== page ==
Minister Arkadiusz Mularczyk in Westminster: „In Poland, the Germans left nothing but destruction and death”

Below we publish the speech of Arkadiusz Mularczyk, Poland’s Deputy Foreign Minister, delivered in the House of Commons in Westminster at the meeting with the members of the All-Party Parliamentary Group on Poland – APPG, UK Members of Parliaments and Lords. The meeting concerned the issue of the WWII reparations campaign against Germany. Poland last year formally demanded compensation of €1.3 trillion — an amount close to the size of its annual gross domestic product. 

Dear Right Honorable Members and Lords. Thank you for being here this morning. 

Since Poland’s creation as a state in 966, the title that Norman Davies used for his book about Poland’s history, “God’s Playground”, repeatedly seems to have been justified. Indeed, once again, Poland finds itself in a situation where it must react and – for the sake of Central and Eastern Europe – react well. 

The Russian war has led to an influx of Ukrainian refugees that Poland and Poland’s citizens have welcomed. Geographically, Poland is now the main transport hub to Ukraine. This has led to an increased foreign military presence in Poland. Poland once again feels tensions on its borders. 

If those uncomfortable familiarities are not enough, we also share with Ukraine the terrible task of having to count the cost of war. However, there, circumstance works in our favour. In 2017, a parliamentary group was formed with the task of compiling a full war report to document Poland’s Second World War human and material losses – the first of its kind since the BOW Report about 75 years ago. 

In 2017, little did we know that our scientific research and the methodologies we used would lead to our War Report becoming so relevant now. And – it is in this situation – where the past and present meet. The problems that Poland, Italy and Greece face are the same that Ukraine sadly faces now.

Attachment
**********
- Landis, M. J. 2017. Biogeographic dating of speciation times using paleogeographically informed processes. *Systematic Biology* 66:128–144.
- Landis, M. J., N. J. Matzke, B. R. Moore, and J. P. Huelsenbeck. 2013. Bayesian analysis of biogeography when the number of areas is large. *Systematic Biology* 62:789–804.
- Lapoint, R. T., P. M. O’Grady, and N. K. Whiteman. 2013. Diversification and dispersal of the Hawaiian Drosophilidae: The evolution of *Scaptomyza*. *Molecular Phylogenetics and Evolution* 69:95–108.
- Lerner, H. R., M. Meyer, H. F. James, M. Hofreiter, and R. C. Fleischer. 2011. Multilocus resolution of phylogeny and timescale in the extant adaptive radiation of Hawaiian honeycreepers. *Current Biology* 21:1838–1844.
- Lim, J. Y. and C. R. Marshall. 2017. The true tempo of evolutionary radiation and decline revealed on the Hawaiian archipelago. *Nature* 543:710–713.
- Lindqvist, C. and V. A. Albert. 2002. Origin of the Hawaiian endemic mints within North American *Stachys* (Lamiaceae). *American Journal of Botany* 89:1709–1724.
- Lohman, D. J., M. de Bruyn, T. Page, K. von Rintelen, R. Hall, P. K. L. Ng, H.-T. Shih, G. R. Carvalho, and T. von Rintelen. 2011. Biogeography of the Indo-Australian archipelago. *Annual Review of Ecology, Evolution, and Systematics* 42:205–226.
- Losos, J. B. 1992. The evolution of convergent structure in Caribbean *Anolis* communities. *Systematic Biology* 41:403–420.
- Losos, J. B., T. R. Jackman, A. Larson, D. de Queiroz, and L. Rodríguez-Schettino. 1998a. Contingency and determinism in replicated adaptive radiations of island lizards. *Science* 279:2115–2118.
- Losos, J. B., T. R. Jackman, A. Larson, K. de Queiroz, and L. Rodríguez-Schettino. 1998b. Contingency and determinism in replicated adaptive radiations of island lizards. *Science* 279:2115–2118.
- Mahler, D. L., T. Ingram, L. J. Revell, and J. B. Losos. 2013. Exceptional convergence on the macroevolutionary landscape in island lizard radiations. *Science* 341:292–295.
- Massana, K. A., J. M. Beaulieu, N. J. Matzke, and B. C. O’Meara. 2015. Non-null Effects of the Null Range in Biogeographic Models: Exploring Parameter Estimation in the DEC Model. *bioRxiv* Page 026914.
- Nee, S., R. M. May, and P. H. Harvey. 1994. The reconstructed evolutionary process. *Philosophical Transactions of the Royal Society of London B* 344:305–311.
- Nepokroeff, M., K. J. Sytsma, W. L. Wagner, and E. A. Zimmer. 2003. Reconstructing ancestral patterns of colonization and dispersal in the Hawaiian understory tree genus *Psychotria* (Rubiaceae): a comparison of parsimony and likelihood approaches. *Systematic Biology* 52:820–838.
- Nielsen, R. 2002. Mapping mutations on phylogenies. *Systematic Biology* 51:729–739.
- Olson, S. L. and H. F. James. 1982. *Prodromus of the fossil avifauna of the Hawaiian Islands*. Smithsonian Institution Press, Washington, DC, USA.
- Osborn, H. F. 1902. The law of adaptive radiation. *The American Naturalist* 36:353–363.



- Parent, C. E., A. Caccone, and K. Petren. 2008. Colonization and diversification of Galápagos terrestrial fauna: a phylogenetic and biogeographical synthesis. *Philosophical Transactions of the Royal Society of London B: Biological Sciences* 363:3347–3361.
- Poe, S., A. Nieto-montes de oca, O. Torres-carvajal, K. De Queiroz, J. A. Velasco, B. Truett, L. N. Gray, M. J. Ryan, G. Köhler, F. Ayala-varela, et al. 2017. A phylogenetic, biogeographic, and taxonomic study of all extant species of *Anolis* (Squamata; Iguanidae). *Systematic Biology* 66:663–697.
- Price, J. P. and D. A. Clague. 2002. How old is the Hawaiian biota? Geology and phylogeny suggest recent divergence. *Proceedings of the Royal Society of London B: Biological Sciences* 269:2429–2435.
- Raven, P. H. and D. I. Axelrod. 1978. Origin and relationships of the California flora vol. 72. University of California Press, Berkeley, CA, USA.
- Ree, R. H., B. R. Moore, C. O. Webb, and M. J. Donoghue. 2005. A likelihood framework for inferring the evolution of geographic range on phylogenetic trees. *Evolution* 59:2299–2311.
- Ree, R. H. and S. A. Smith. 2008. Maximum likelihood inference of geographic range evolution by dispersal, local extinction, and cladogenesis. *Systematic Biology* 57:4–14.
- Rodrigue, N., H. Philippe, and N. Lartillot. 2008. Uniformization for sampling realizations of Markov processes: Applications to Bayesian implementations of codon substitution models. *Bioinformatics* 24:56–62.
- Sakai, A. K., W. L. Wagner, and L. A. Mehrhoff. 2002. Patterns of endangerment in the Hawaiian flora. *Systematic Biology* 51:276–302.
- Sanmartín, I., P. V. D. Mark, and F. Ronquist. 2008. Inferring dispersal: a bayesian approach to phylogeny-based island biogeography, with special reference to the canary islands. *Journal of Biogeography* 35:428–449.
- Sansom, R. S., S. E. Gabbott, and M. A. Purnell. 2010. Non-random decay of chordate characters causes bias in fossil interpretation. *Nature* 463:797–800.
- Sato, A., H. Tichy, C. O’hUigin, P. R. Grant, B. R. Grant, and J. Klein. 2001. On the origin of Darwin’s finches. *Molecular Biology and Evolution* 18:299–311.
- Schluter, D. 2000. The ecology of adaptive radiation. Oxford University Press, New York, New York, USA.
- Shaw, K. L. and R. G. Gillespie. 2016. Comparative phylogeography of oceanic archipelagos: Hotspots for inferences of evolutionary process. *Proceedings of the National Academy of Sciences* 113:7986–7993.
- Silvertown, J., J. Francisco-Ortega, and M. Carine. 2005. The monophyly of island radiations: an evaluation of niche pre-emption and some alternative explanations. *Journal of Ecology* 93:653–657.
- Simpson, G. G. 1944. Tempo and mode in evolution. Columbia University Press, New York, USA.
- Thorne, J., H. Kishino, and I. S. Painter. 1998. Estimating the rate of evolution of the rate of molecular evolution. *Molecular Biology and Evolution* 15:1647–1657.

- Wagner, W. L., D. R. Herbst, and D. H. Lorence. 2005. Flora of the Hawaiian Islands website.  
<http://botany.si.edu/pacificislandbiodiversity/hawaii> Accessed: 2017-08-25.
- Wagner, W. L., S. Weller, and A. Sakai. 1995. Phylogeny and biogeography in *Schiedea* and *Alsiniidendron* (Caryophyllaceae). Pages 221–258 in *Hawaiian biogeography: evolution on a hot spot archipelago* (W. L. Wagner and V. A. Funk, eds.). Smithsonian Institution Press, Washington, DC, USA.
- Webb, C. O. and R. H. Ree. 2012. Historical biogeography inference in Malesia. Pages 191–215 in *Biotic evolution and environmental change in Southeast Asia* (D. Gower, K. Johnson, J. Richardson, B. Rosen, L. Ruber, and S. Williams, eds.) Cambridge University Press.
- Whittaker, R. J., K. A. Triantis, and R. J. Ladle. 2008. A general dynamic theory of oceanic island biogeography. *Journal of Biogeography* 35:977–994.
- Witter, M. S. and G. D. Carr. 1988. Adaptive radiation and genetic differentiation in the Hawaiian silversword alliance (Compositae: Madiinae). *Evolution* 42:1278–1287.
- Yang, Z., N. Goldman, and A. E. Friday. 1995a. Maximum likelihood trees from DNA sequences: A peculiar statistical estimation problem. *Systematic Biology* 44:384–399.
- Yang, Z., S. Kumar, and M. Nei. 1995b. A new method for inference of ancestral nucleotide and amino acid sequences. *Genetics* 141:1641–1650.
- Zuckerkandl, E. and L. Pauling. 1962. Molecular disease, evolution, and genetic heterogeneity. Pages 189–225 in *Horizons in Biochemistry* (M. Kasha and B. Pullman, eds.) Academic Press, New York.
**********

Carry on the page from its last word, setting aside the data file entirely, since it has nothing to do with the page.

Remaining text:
It is against this shared background of human and material losses that we must strive to find justice for all who have been harmed by the war – those affected by past and present wars. 

Another problem Poland and Ukraine share is the unresolved, unregulated end of a war. It is unlikely that Russia will sign a formal treaty to end the war. Poland, similarly, did not sign a peace treaty with Germany. Poland was not a signatory to the Potsdam Agreement nor the Two Plus Four Agreement. Last week the Polish Government unequivocally declared, through a Council of Minister’s Resolution, that Poland has not signed any bilateral agreements to end the war and that Poland has not resigned from its claim to reparations.

Therefore, the questions Poland is asking about reparations will be the same that Ukraine will ask – “where are the paths for affected states and individuals to find justice?”

Now, I am aware that “reparations” is a word that the UK treats delicately. However, “reparations” is also a word that must be understood clearly – and not all claims for reparations are the same. I believe it is possible to draw a clear line between Poland’s claim for reparations to separate it from the discussion about reparations that affects the UK. 

As concerns Britain, I understand that one common argument is that Britain shouldn’t pay reparations as Britain left a legacy of parliament, law and infrastructure. A convincing argument.

However, In Poland, the Germans left nothing but destruction and death and stole Poland’s resources. The Russians are doing the same in Ukraine. A clear difference to the legacy Britain left behind.

To pay reparations, you must identify a party. A reason people state for Britain not paying reparations is that, today, it is impossible to identify a harmed party for events that happened centuries ago.